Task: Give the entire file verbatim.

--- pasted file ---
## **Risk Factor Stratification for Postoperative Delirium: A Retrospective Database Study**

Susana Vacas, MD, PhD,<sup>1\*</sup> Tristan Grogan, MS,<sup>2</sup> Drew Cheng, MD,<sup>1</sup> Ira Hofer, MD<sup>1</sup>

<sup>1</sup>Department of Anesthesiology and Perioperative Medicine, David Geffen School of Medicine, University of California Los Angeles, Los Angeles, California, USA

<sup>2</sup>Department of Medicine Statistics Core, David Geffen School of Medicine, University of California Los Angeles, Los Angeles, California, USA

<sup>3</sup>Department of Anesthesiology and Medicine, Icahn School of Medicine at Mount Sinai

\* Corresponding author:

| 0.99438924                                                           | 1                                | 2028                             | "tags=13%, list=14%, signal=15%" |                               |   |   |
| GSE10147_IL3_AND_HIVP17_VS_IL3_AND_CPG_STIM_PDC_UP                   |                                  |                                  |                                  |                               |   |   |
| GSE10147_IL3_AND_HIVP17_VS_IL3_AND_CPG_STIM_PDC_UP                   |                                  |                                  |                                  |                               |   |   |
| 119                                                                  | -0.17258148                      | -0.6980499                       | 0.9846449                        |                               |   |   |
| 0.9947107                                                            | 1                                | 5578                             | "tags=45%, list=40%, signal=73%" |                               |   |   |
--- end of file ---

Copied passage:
## **Risk Factor Stratification for Postoperative Delirium: A Retrospective Database Study**

Susana Vacas, MD, PhD,<sup>1\*</sup> Tristan Grogan, MS,<sup>2</sup> Drew Cheng, MD,<sup>1</sup> Ira Hofer, MD<sup>1</sup>

<sup>1</sup>Department of Anesthesiology and Perioperative Medicine, David Geffen School of Medicine, University of California Los Angeles, Los Angeles, California, USA

<sup>2</sup>Department of Medicine Statistics Core, David Geffen School of Medicine, University of California Los Angeles, Los Angeles, California, USA

<sup>3</sup>Department of Anesthesiology and Medicine, Icahn School of Medicine at Mount Sinai

\* Corresponding author:

| 0.99438924                                                           | 1                                | 2028                             | "tags=13%, list=14%, signal=15%" |                               |   |   |
| GSE10147_IL3_AND_HIVP17_VS_IL3_AND_CPG_STIM_PDC_UP                   |                                  |                                  |                                  |                               |   |   |
| GSE10147_IL3_AND_HIVP17_VS_IL3_AND_CPG_STIM_PDC_UP                   |                                  |                                  |                                  |                               |   |   |
| 119                                                                  | -0.17258148                      | -0.6980499                       | 0.9846449                        |                               |   |   |
| 0.9947107                                                            | 1                                | 5578                             | "tags=45%, list=40%, signal=73%" |                               |   |   |